2. A look at atonement needs to be done – exactly what is it in the OT. Is it covering, cleansing, propitiation, expiation, a combination of all or some. How does that fit with issues of sin as well as issues of defilements that are not necessarily connected to an ethical issue (i.e. see below).

      3. A real look at Leviticus and sacrifices show aspects of atoning inanimate objects like the Holy of Holies and the altar, plus atoning for sin as well as things not directly connected to any ethical failure like child birth and mold in the house (See Lev 8:15; 12:7-8; 14:18-21, 53; 15:15; 30; 16:6, 10, 16-20 for atonement that is connected to the altar, childbirth, skin disease, mold, sins of the priests family, sins of the people and cleansing the holy place because of defilements). Interestingly enough, Ezekiel takes up the same type of concepts when dealing with sacrifices and atonement. 3 out of the 5 uses deal with the holy temple area being cleansed (see Ezek 43:20, 26; 45:20) and the remaining two that deal with the sin of the people), I think more needs to be worked through on this and not just ignored. In a literal temple view that is connected primarily to a dispensational approach, one has glorified saints, normal (not yet glorified) believers as well as unbelievers in the midst of a holy God dwelling. Sin, while minimized and Satan chained, is still in existence. It is still an issue.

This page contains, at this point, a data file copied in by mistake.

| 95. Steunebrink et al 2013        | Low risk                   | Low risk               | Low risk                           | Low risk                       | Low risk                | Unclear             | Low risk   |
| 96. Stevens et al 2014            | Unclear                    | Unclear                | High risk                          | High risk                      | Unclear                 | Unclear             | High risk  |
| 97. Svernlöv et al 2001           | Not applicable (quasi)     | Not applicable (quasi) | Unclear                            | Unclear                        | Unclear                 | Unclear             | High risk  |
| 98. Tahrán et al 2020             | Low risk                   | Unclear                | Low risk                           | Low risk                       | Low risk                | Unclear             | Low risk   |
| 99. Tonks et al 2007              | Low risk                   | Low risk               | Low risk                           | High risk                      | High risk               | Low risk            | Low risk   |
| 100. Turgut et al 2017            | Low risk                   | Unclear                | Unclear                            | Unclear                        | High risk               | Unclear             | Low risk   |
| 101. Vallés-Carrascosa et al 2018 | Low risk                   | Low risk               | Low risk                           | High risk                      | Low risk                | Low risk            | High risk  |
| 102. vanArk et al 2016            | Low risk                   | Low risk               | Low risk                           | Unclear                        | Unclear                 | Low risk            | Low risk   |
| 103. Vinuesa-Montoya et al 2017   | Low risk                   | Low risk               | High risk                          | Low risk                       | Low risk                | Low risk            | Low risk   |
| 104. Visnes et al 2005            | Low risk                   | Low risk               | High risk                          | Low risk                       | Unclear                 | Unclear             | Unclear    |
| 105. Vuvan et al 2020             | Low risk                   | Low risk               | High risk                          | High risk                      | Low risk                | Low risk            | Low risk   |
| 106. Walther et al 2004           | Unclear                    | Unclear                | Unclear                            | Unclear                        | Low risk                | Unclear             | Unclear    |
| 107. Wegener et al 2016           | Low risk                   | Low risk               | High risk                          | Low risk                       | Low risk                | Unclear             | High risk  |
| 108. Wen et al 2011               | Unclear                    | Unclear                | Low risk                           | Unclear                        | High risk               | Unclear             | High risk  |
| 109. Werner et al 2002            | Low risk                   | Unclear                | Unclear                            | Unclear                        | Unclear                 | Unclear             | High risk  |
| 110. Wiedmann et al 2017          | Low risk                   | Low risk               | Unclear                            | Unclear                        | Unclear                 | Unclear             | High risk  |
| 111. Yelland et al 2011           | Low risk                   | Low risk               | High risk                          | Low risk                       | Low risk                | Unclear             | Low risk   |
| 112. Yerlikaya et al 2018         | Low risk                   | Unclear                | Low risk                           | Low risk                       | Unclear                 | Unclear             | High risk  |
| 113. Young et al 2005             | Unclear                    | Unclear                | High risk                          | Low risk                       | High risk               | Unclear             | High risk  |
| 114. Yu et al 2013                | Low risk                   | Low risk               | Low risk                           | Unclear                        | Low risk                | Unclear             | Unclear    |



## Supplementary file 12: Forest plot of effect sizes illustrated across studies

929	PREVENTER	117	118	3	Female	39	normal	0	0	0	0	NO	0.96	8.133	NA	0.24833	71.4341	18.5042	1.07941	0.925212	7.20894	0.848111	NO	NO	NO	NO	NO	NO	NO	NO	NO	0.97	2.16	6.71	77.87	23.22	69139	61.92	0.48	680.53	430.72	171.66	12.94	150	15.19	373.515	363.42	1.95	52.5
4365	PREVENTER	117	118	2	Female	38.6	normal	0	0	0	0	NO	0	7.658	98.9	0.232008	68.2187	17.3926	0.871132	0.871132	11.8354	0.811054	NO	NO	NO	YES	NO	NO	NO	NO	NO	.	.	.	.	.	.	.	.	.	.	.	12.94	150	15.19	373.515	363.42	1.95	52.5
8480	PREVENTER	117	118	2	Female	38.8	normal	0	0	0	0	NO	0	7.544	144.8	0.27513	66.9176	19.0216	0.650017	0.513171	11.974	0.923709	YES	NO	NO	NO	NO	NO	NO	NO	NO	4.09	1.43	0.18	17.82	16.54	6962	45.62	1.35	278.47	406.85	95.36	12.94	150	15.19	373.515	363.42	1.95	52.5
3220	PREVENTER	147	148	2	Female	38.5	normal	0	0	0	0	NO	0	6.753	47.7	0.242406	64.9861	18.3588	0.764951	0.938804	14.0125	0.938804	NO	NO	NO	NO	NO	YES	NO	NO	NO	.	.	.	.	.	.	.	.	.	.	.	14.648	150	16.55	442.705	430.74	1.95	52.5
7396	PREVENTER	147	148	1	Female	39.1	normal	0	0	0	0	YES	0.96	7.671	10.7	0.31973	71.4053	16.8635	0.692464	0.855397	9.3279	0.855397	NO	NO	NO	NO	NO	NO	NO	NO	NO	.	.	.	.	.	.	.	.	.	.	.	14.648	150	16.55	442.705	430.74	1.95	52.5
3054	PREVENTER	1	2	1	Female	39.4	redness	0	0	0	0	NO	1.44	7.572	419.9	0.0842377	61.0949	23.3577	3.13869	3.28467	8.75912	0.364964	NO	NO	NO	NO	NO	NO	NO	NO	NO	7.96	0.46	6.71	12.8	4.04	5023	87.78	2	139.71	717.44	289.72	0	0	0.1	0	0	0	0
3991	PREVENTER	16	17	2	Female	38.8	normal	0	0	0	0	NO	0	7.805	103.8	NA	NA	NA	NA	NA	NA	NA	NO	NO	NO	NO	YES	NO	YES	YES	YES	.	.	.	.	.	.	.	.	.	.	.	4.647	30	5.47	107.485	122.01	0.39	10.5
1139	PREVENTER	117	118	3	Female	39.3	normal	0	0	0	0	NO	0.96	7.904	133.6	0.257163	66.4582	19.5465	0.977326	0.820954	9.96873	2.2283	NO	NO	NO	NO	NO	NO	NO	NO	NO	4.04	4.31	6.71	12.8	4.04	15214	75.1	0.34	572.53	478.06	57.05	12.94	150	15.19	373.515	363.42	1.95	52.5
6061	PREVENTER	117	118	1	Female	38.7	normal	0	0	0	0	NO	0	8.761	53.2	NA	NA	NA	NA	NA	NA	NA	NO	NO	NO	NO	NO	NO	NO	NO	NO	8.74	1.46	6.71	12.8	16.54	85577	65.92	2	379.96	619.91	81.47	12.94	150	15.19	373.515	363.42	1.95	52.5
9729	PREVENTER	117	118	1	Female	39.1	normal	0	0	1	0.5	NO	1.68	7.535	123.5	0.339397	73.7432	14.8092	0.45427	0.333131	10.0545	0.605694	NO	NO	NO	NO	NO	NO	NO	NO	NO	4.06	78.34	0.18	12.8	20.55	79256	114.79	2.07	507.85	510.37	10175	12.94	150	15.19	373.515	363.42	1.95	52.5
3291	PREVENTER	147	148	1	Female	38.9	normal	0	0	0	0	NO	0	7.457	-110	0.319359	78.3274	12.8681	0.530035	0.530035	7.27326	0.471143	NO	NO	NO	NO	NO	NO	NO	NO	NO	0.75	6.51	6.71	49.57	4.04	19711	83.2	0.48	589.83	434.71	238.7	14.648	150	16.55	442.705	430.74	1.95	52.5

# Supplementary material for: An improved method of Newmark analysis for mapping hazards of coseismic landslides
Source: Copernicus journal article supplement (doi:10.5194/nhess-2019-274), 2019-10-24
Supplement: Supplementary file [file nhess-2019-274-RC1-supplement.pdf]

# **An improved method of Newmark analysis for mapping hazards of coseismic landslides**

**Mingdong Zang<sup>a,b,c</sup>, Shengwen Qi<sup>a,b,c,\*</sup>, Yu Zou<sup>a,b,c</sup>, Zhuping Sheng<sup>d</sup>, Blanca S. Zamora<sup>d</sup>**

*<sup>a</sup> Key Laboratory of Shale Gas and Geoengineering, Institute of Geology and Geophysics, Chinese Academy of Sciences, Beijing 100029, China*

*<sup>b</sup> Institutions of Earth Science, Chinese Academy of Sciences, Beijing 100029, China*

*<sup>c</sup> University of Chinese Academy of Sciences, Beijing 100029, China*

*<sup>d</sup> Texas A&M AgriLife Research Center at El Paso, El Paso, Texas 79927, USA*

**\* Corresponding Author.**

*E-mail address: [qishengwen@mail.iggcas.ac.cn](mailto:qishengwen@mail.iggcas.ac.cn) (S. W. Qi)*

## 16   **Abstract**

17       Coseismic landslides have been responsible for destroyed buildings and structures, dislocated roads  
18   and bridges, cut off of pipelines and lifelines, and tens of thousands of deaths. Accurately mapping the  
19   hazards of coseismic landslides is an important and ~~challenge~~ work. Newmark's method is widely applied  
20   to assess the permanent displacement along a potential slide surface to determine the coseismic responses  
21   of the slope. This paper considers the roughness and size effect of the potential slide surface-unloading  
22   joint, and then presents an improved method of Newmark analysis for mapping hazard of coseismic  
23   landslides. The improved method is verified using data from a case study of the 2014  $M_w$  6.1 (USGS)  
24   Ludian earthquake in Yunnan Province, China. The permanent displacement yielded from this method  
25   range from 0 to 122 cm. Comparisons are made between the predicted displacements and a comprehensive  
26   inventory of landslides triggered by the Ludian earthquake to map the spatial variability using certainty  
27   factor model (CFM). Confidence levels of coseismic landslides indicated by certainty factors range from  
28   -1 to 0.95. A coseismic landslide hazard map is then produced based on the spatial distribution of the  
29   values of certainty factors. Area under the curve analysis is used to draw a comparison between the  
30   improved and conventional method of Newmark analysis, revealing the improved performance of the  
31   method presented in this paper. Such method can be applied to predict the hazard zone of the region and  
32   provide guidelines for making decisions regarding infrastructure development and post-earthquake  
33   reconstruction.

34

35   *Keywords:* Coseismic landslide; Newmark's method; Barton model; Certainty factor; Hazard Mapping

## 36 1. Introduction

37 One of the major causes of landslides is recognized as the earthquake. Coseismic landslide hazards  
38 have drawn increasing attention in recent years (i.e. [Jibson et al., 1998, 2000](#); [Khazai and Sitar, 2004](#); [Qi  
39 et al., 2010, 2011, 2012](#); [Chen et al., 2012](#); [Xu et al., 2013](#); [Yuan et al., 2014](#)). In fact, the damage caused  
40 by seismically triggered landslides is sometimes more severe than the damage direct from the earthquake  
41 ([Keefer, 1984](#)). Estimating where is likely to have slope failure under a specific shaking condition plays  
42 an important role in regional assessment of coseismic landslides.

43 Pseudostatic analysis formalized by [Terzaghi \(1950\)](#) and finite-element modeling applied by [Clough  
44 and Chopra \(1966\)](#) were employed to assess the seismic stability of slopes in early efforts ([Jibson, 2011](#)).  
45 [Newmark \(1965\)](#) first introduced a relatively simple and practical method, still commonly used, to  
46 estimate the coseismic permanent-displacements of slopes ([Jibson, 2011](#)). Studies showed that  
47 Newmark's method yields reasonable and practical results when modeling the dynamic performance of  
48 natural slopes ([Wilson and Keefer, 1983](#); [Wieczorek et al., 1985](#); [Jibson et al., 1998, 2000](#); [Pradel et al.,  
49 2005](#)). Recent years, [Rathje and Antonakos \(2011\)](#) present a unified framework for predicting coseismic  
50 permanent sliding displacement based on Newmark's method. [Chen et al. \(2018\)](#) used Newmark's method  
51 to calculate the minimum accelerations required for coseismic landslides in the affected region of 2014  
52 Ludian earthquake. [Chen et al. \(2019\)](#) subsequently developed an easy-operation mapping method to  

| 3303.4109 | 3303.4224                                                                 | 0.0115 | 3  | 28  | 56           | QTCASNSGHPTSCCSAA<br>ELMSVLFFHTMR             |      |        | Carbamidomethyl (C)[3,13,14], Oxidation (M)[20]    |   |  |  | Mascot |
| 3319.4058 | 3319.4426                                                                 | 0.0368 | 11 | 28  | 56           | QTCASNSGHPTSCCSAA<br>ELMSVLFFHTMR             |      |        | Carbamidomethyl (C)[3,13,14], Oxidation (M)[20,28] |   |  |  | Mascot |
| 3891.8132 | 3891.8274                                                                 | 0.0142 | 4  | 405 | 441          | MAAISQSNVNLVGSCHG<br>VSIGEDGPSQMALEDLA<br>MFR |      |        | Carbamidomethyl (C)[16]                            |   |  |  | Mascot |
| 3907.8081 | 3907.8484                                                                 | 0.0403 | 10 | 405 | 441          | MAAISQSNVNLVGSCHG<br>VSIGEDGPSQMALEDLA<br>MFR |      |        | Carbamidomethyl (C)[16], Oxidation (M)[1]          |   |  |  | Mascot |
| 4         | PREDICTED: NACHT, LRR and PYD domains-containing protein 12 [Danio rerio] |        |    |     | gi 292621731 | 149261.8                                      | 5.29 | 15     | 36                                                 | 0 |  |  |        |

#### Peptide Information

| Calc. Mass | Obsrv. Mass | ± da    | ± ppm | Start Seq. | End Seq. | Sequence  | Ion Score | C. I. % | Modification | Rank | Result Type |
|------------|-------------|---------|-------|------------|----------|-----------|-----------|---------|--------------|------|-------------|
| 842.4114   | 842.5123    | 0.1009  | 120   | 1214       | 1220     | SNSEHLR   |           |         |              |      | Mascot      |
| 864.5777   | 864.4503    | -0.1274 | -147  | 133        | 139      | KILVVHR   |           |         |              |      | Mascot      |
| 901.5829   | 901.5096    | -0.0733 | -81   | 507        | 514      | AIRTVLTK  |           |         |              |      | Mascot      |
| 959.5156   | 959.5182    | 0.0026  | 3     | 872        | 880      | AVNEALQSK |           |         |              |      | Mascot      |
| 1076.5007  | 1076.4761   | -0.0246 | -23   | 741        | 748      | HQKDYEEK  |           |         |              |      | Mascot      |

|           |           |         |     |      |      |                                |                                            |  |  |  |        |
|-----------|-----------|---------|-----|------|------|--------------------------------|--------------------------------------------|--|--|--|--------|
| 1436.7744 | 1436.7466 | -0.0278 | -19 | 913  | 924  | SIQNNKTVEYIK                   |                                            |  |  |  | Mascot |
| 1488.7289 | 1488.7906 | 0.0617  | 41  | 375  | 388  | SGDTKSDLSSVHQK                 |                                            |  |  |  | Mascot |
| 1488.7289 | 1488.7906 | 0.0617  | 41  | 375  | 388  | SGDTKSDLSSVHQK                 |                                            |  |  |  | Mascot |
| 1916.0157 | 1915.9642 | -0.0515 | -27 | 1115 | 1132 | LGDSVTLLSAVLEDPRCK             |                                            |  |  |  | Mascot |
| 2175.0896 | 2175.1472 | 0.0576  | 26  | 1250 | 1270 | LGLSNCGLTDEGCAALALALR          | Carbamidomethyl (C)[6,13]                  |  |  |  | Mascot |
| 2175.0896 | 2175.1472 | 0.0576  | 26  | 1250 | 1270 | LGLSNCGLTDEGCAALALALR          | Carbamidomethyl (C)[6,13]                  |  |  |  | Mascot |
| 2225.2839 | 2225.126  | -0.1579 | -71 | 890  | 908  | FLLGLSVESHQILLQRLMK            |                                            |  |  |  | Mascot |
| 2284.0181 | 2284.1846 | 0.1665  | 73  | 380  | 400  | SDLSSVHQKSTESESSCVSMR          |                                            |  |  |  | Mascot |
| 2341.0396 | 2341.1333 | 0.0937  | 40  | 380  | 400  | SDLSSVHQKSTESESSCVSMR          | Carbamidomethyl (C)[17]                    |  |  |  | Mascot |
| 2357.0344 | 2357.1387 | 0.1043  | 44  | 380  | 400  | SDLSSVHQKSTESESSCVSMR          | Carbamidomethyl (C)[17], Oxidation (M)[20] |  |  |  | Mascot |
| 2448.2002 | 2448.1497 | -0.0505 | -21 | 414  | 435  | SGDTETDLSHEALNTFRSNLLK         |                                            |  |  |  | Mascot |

4. The nature of OT sacrifices in the book of Hebrews compared to Christ’s sacrifice. This is usually the so called trump card that is thrown down to show literal sacrifices are at odds with Christ’s sacrifice. Sometimes even used by supersessionist writers to show the heresy of dispensationalism. Kinda sad in my opinion. But back to the thought. The writer (Auctor) shows in 9:9 that animal sacrifices cannot perfect the conscience. Yet in 9:13 they did have some effect – an outward cleansing. Only Christ’s sacrifice in 9:14 could cleanse inwardly and only Christ’s sacrifice could cleanse/perfect the conscience. So, to say that OT sacrifices were merely illustrations is not accurate from either an OT standpoint that said they atoned or cleansed/covered in some way or an NT standpoint that said they cleanse outwardly. The two sacrifices are on two different planes or fields. One is temporary and outward, yet still effectual. The other is a once for all that cleanses on a whole other level – inward and permanent. How would that fit into a literal temple? Christ’s sacrifice (and now we could get into issues of the nature of atonement – limited/unlimited but that is for another matter) only perfects or cleanses the conscience of believers or else you get universalism. So what about those living in the Millennium who are unbelievers but called to the Temple to worship God as in Isa 2:1-4; 19:21; 60:4-9 and Zech 14:16-19 to name a few? Could these sacrifices be used as a temporary covering that is different in nature to the permanent cleansing inwardly of Christ’s sacrifice? Again, there is so much more to discuss here than space or time allows.